“Oh, I want to come with you.”
“She’ll freak out when she sees us.”
Aileen was ‘Dolly’ in our high school musical “Hello, Dolly”, I played the part of Cornelius Hackle and Bonnie was the choir director. Next to Regina Hicks, our literature teacher, Mrs. Hiles is the most beloved of all the world’s school teachers.
She taught me to play clarinet at a public school during the summer when I was seven years old. Once a week, the high school teacher traveled between three area grammar schools that make up what is the elementary division of Southern Huntingdon County High School to teach music lessons. Those summers were so special to me– they were an escape from Bob’s discipline and hard-work ethic lifestyle.
It was, and still is, optional for parents with children in public schools to enroll their children in Southern’s musical instrument instruction curriculum. Parents were only required to purchase financed musical instruments. My parents bought me a clarinet, perhaps because of their strict nature.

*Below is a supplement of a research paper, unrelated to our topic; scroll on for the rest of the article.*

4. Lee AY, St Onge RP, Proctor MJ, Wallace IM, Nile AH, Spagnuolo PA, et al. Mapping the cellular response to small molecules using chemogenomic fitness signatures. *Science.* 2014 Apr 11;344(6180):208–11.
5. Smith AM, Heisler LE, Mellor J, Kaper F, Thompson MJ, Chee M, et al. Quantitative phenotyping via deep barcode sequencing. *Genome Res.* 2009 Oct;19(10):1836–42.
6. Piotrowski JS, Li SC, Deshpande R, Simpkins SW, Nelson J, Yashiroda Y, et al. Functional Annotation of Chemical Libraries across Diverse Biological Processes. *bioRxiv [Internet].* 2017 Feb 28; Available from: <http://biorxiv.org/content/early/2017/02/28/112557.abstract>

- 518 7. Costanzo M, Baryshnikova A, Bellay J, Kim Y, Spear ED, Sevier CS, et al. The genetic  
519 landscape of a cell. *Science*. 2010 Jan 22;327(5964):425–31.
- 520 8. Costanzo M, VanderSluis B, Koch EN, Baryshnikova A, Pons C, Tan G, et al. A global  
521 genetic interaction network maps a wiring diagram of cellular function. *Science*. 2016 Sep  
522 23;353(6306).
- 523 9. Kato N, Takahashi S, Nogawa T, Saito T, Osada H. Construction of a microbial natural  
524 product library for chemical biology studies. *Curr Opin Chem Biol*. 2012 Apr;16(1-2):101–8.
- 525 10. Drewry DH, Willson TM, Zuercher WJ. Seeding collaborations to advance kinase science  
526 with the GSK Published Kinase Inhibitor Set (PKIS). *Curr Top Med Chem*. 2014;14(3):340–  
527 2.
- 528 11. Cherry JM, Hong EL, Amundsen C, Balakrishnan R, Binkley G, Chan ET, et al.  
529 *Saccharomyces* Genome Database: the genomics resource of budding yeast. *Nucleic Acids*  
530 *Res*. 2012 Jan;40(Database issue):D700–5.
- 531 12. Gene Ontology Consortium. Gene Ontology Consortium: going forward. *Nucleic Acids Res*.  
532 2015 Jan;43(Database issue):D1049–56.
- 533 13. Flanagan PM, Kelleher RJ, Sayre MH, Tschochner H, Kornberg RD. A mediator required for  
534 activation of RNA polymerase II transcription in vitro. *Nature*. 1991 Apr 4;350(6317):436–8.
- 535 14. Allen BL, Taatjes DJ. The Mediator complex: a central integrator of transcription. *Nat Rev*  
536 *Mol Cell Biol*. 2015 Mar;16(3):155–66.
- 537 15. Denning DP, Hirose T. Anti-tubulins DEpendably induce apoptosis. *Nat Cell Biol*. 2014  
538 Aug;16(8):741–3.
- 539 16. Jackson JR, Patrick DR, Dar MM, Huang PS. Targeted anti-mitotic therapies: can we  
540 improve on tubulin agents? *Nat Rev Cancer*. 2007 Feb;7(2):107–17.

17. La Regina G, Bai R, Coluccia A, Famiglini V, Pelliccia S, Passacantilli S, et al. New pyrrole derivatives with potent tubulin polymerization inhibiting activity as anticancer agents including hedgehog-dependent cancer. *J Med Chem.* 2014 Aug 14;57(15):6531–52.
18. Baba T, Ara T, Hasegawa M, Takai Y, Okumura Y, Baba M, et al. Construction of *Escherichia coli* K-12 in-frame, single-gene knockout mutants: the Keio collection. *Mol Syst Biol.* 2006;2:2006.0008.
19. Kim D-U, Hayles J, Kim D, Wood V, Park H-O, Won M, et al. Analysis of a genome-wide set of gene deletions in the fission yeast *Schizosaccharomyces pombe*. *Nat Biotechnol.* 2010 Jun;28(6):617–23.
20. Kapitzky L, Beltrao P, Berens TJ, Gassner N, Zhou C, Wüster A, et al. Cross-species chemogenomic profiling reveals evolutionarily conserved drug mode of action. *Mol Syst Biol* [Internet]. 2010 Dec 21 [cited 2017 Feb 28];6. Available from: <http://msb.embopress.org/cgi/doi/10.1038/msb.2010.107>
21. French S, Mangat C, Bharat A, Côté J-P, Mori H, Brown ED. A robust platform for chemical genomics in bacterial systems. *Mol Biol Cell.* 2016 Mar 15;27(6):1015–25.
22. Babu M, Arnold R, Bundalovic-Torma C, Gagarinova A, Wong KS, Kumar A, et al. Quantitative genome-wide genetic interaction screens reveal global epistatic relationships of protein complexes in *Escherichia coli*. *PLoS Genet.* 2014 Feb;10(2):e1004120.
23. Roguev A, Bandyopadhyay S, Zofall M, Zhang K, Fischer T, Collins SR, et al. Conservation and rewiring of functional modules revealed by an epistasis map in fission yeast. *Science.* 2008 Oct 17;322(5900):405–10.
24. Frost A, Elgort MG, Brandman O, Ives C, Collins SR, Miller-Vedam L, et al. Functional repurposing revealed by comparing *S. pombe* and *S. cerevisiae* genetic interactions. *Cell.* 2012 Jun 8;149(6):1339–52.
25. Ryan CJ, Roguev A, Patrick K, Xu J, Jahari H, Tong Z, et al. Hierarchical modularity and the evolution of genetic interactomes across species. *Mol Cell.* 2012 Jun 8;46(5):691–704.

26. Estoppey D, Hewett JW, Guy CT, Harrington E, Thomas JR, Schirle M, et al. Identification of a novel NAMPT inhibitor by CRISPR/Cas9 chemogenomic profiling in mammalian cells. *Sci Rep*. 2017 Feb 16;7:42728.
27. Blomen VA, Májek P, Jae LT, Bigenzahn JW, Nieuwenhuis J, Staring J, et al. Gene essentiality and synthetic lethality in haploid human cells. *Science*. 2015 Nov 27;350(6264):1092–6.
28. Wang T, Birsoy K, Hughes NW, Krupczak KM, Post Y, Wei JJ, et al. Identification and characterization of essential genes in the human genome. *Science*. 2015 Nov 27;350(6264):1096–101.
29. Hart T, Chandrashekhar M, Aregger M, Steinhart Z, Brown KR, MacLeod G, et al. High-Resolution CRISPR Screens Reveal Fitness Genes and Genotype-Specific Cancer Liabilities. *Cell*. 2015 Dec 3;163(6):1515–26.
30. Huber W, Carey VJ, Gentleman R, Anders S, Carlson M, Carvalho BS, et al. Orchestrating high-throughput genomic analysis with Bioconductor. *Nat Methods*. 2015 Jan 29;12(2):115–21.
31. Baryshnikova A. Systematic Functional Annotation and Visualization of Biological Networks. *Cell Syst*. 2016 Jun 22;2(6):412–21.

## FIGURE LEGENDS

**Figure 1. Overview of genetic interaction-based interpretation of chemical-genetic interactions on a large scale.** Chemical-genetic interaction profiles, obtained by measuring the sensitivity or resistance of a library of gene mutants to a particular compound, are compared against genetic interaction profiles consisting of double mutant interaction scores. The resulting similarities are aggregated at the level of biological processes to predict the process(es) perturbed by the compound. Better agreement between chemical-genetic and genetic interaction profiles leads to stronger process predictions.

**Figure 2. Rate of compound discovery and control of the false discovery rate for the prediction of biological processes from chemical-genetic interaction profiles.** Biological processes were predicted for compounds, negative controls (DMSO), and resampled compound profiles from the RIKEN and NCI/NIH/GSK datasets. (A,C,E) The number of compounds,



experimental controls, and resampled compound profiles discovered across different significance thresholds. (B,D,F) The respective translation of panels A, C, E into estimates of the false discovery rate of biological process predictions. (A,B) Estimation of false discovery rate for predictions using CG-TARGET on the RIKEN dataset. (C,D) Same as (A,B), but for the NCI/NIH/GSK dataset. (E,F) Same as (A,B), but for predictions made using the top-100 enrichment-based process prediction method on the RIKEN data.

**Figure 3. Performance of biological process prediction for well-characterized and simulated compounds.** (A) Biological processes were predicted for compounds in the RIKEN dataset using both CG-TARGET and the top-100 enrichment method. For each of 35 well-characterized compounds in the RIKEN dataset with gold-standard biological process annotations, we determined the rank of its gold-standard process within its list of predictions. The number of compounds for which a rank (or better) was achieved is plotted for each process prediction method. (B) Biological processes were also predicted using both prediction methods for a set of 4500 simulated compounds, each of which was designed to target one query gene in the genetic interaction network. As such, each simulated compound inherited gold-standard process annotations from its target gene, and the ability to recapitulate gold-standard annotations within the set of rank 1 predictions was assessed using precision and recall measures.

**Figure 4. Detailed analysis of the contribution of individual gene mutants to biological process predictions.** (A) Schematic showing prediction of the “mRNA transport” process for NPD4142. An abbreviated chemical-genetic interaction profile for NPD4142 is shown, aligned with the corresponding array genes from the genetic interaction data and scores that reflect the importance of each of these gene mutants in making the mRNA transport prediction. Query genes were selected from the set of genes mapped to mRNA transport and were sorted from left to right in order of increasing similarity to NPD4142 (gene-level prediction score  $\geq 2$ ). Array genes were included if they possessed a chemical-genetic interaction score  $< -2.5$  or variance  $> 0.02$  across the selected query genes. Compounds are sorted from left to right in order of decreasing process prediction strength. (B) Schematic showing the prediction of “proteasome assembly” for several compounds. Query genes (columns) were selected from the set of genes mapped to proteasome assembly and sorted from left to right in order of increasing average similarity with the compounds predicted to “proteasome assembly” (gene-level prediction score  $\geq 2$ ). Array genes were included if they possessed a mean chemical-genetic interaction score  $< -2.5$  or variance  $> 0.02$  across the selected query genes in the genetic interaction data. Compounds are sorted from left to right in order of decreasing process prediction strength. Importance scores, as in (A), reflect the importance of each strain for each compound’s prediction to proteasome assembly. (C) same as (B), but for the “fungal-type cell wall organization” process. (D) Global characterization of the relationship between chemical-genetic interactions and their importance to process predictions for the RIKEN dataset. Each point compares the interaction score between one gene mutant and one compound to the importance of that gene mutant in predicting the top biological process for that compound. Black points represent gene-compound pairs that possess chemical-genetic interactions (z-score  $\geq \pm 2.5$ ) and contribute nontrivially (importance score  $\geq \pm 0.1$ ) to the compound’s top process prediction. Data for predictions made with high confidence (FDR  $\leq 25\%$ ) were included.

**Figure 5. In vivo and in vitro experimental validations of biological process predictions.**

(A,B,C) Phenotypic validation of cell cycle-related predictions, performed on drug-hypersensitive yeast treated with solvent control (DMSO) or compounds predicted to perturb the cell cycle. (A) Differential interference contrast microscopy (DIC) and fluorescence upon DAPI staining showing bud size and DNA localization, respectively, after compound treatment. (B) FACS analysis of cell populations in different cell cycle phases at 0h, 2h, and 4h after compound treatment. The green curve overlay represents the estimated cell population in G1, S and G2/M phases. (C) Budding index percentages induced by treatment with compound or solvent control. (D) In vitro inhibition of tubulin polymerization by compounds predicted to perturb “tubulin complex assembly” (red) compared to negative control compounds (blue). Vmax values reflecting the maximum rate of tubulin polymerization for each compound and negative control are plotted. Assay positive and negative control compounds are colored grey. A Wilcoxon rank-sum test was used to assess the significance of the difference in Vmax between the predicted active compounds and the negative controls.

Mrs. Hiles was a mother to me during those times.
Later on in life, after I entered high school, I had her for a teacher in choir and music.
I couldn’t wait to see her again. I thought of her often over the years. Going there with Aileen would make me feel less intrusive to her. Teachers like Mrs. Hiles must get tired of grown adults who come to see them to thank them for what they had done to change our lives, I thought. Mrs. Hiles has been retired for at least 10 years. She left Southern shortly after I graduated from there. “The Music Man”– the musical of my senior year when I played the part of Harold Hill came flashing back to me while sitting on that swing with Aileen. I couldn’t wait to see her again.
I picked up that clarinet after my bad case of Schizophrenia. Music was very instrumental to my recovery. If it were not for what Mrs. Hiles taught me as a child, I may have never cast out the demons. I wanted to thank her for the gifts. So did Aileen.
“Should we call first?” I asked.
“No, let’s just go.”
I knew she was right. She was like a mother to us.
“Let’s go now, Aileen.”
The drive to Orbisonia brought back lots of memories for both of us. Aileen showed Nina our old high school.
“Get a good look at that place, Nina,” I recommended from the front seat to Nina who was strapped in a child seat in the back. “Your mother was a star in that school. Not only was she incredibly smart, but she was like a Broadway star.”